One of the loveliest sights to see in the Jamestown area is the mirrored images of the fall colors in the old City Lake: olive, crimson, gold, flaming and burnt oranges. You can enjoy this beauty up close on one of the park’s Leaf Boat Tours. Every Saturday offers more yard sales then you can shake a stick at and there is always something good to eat with the various church and organization fundraisers. How good of our Creator to warm us with these things before the cold, grey days of winter begin.
The beauty and the happening in Jamestown's autumn.
The faint smell of burning leaves stung my nose as I left the thrift store at the Methodist church the other night. A full moon was rising off to the east, the air was full of cricket song and golden lights were streaming from the church windows. A faint light still lingered on the western horizon. The night was too beautiful to pass by, so I put the purchases in my car, locked the doors, and started on an autumn night’s walk through Jamestown.
The large doors were open over at the fire station. I had to wonder if the folks there were enjoying the night as I was. The last of the early voting volunteers were leaving town hall. I glanced over and noticed how almost every inch of ground was covered by the candidates’ placards. As I neared the front of the town hall, something seemed amiss; something seemed darker. Oh, it was the absence of the ancient maple tree that we lost because of Storm Michael. Was the only one in town grieving the loss of that beautiful tree?
Crickets seemed to be everywhere. I continued to walk and as one cricket sound faded, a new one would join in the chorus, like a last hurrah before the coming cold would silence them. Once I passed the post office, I could see the athletic field lights on at Jamestown Elementary. Someone must have just scored a goal, as cheers and applause rose above all of the other sounds in town. I was so taken by the sights and sounds around me, I suddenly realized I could have fallen from a large stick rolling under my foot. Grateful I didn’t fall, I bent down to move it out of another person’s path.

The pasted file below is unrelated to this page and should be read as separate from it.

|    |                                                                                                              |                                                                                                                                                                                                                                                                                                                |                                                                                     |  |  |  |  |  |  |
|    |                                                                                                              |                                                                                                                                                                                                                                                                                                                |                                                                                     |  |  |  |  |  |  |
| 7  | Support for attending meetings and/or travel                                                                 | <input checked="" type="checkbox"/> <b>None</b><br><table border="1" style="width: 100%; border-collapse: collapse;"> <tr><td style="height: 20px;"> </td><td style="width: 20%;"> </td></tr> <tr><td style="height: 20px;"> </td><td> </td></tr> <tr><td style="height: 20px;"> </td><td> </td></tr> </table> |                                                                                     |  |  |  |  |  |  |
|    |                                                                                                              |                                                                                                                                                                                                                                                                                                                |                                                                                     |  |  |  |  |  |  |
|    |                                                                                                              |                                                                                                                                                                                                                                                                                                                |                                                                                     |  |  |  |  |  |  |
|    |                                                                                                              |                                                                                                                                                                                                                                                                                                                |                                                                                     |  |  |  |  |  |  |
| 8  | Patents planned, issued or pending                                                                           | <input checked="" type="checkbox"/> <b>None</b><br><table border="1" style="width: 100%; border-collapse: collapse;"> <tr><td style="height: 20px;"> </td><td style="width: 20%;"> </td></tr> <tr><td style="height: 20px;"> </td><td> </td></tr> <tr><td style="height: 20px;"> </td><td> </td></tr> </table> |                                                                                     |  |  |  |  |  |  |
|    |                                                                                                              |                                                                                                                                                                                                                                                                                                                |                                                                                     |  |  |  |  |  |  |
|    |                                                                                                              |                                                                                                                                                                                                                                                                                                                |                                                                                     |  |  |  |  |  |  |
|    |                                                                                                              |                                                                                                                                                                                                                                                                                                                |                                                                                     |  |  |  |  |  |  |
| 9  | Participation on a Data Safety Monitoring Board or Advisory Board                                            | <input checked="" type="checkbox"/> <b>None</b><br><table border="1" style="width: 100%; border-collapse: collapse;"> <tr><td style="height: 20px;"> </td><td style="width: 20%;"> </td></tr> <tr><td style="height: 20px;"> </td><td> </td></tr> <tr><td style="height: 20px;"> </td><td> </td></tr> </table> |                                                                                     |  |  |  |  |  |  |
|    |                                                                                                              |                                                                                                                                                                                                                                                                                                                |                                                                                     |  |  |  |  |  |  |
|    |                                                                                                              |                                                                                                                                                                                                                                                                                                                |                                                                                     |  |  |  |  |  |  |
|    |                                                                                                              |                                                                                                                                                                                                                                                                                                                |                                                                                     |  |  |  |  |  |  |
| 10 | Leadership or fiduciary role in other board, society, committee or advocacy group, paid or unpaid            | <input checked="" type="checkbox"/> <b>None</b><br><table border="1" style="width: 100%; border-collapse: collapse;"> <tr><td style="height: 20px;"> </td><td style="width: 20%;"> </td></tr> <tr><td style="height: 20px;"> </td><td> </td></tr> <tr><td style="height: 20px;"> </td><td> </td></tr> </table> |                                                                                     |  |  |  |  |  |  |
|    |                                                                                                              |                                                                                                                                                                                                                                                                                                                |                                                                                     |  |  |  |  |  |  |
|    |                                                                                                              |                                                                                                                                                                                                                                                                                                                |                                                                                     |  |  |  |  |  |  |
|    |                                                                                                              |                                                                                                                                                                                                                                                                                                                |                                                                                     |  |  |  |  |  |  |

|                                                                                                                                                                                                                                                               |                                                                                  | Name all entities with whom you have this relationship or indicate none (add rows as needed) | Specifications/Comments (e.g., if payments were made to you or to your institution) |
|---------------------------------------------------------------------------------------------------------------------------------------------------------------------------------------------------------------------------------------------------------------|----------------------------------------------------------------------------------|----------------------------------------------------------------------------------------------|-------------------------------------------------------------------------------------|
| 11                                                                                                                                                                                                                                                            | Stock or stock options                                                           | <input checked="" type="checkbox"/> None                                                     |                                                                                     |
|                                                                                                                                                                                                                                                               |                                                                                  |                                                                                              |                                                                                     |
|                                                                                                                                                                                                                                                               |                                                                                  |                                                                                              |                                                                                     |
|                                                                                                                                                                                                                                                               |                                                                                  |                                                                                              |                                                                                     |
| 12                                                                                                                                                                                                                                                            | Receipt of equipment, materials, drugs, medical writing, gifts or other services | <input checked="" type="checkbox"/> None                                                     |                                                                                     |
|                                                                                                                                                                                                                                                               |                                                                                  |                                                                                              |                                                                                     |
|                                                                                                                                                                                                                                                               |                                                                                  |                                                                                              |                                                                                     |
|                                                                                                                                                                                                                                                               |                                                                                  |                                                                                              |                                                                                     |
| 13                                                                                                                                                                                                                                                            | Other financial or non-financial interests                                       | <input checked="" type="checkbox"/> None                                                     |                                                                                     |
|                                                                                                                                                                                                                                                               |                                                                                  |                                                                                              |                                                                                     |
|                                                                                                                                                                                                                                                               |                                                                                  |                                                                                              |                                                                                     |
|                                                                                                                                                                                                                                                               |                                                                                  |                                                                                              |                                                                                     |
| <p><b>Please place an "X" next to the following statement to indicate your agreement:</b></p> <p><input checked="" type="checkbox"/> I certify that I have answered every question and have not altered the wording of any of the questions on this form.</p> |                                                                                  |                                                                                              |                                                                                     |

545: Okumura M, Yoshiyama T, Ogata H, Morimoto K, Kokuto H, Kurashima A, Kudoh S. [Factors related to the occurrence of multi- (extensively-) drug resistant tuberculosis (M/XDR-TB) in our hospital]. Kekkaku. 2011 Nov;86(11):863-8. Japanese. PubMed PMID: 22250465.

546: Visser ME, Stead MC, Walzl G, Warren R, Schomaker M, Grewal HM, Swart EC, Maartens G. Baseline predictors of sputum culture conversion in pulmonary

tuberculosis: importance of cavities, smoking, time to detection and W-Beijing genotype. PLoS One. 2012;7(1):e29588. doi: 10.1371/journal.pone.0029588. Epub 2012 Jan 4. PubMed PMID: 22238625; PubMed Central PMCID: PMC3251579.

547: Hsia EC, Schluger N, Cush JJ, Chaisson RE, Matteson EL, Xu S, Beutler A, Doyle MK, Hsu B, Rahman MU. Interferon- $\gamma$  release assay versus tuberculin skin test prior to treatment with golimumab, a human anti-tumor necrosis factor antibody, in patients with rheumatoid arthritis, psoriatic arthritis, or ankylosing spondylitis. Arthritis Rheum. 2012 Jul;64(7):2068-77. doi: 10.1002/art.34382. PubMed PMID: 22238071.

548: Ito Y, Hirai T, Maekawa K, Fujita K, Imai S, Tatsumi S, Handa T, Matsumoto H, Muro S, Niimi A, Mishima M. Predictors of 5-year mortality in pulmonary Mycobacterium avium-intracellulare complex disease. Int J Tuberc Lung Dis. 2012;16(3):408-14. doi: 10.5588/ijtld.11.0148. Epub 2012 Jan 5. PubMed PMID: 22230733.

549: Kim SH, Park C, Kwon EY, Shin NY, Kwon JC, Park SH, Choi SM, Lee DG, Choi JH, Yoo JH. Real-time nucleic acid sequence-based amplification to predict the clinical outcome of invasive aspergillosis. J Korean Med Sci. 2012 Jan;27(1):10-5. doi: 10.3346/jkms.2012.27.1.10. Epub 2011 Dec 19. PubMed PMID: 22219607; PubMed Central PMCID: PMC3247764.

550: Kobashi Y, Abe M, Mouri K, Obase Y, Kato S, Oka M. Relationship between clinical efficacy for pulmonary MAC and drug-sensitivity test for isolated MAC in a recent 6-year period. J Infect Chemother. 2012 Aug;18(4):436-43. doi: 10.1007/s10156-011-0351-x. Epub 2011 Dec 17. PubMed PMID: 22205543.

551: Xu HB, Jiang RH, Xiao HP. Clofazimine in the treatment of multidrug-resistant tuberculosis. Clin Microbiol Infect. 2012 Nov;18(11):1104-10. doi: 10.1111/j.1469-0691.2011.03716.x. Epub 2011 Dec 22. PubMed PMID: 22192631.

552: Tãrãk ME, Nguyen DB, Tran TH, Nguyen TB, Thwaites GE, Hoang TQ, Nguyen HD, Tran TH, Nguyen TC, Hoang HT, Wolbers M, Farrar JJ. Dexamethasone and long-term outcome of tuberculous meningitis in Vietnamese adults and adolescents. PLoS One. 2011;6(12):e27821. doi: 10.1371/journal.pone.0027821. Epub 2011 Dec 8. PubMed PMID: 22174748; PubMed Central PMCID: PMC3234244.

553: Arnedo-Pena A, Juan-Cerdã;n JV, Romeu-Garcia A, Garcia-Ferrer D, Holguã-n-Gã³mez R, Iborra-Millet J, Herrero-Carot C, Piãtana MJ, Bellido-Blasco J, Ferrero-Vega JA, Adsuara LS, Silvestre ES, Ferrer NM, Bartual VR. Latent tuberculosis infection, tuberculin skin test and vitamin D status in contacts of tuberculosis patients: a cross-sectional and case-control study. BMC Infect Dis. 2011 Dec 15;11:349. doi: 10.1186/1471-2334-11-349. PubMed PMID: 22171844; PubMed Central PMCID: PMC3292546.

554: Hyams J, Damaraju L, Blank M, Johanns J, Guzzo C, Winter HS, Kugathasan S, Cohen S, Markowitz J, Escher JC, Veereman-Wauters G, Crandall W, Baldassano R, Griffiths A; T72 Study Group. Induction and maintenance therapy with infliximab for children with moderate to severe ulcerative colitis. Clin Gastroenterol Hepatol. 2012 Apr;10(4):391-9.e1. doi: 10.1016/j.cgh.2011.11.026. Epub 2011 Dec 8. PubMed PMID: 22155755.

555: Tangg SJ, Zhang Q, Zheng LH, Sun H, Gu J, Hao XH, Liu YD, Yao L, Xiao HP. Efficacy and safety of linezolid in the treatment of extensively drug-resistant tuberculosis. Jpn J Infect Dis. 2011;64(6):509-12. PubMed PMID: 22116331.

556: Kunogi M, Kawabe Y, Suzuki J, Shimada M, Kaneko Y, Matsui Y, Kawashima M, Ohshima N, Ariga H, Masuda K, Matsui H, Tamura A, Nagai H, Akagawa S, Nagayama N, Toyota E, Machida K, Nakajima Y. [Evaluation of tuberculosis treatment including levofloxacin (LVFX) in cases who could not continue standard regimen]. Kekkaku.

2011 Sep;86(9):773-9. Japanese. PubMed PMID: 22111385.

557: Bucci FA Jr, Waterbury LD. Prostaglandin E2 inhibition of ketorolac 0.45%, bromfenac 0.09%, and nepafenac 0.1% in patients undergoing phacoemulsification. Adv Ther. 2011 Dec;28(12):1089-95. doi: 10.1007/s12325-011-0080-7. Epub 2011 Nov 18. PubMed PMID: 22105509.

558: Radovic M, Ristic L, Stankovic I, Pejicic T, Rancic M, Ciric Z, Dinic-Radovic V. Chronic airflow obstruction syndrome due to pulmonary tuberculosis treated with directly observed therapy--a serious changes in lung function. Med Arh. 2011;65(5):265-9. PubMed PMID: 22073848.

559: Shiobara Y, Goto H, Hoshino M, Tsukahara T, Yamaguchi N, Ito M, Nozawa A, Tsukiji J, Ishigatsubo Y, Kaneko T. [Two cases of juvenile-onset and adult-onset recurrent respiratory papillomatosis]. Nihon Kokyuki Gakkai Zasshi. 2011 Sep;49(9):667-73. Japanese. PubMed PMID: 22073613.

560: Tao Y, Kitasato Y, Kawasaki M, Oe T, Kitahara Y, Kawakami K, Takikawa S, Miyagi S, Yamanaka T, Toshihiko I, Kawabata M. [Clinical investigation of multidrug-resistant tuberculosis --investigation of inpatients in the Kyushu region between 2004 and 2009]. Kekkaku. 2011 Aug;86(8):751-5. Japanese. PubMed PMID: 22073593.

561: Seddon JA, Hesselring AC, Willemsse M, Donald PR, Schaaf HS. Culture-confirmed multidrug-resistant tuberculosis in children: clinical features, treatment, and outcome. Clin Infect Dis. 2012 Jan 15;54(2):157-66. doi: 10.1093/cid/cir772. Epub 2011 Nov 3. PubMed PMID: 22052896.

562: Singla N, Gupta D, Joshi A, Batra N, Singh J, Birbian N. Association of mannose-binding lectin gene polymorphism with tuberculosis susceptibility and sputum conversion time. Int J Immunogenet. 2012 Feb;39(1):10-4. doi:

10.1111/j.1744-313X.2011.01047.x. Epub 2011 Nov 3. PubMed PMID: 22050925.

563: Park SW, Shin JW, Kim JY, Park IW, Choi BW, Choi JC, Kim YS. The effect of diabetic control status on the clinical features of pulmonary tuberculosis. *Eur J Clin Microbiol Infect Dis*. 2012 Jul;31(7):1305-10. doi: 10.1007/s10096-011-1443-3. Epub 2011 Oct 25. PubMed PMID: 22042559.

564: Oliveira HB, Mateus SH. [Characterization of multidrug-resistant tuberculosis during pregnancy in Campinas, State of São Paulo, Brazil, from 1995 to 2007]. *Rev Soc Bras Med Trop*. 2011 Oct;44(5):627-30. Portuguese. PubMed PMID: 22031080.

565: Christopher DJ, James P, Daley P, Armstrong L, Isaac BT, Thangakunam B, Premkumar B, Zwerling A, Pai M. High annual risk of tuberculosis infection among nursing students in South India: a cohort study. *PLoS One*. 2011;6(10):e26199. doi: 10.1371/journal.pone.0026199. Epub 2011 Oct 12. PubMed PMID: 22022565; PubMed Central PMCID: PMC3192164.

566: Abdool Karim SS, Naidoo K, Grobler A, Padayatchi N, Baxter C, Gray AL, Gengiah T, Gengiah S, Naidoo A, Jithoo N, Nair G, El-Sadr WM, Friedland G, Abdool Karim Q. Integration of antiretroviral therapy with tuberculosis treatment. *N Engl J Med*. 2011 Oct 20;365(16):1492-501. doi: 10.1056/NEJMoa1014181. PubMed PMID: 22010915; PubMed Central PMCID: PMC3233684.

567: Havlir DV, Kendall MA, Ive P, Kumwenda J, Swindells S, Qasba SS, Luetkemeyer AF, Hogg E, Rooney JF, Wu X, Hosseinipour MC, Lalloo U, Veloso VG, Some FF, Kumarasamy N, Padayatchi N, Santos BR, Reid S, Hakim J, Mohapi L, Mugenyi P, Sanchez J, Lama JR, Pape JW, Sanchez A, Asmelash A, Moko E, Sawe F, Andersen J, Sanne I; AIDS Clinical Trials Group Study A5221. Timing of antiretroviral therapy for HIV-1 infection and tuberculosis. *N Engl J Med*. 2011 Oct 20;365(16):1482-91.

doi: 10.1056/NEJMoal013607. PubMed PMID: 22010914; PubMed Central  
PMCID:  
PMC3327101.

A class was going on in Wine & Design. I looked in to see what the painting of the night was. The smell of warm garlic bread permeated the air as I passed the Southern Roots restaurant. The windows there were full of smiling faces in lively conversation. A quiet night at the Potent Potables bar. On the upper patio, a lone couple sat looking into each other’s eyes, his arm around her shoulders for warmth. I glanced across the street and Full Moon Oyster Bar was busy as usual. I passed Mike’s service station and noticed the hum and clacking sound of the machinery at the box factory. I love this sound because it takes me back to when as a child I could hear the second shift machines running at Jamestown Cotton Mill. This same sound lulled me to sleep many nights.
As always, the traffic on Main Street was non-stop and I had to wonder what effect the new bypass would have. For the first time today, out of the corner of my eye, I had noticed the gap in the woods the road construction had caused on Dillon Road; it was too painful for me to turn and take a longer look.The parking lot at the grocery store was fuller, with so many new residents in town. And just as I had started wondering why I hadn’t heard a train yet, one started approaching. The engineer was riding the horn. There must have been a deer near the tracks. They are bad to congregate down on the western end of the track especially this time of year. The cold clear night amplified the sound and I almost had to cover my ears. It still amazes me how we’ve become so accustomed to the rumble and blaring horns of the passing trains through town that we often don’t hear them. They are such a part of Jamestown’s soundscape.
A short walk tonight. The sky was now a deep midnight blue. The stars looked bigger and more defined. I turned to go back up the hill. I took deep breaths. The cool air was so refreshing after our long humid summer. As I returned to the church, I noticed the moon had risen and now appeared to be above the steeple. The thought came to me that this is the same moon that has risen over our town as long as it has existed and will continue to do so long after we are gone. As I stood there looking up, I was glad I had taken the time to enjoy this beautiful night in Jamestown.
Come along for an autumn night's walk through Jamestown.
For many of us who have lived a long time in Jamestown, High Point’s City Lake Park is like an adopted child we’ve taken to our hearts and made our own. Years before our birth child, Jamestown Park, we played beneath the shade of the City Lake Park trees, enjoyed with our classmates the end of the year school picnics, and swam with our families in the blue waters of its pool.
Some of Jamestown’s most hallowed historical sites lie beneath the lake that was made by the damming of Deep River in 1927 to provide a water reservoir for the City of High Point. A few of Jamestown’s earliest remaining buildings still stand within the confines of the park. The pool and park were built in 1934 through funding by the WPA, a federal recovery program of the Great Depression. At the time of its completion, the swimming pool was the largest in the southeast. When the park opened in June of 1935, the High Point Enterprise said it was “the finest of its kind in the southeast.” All I know is when I first saw it in the early ’60s, it was love at first sight.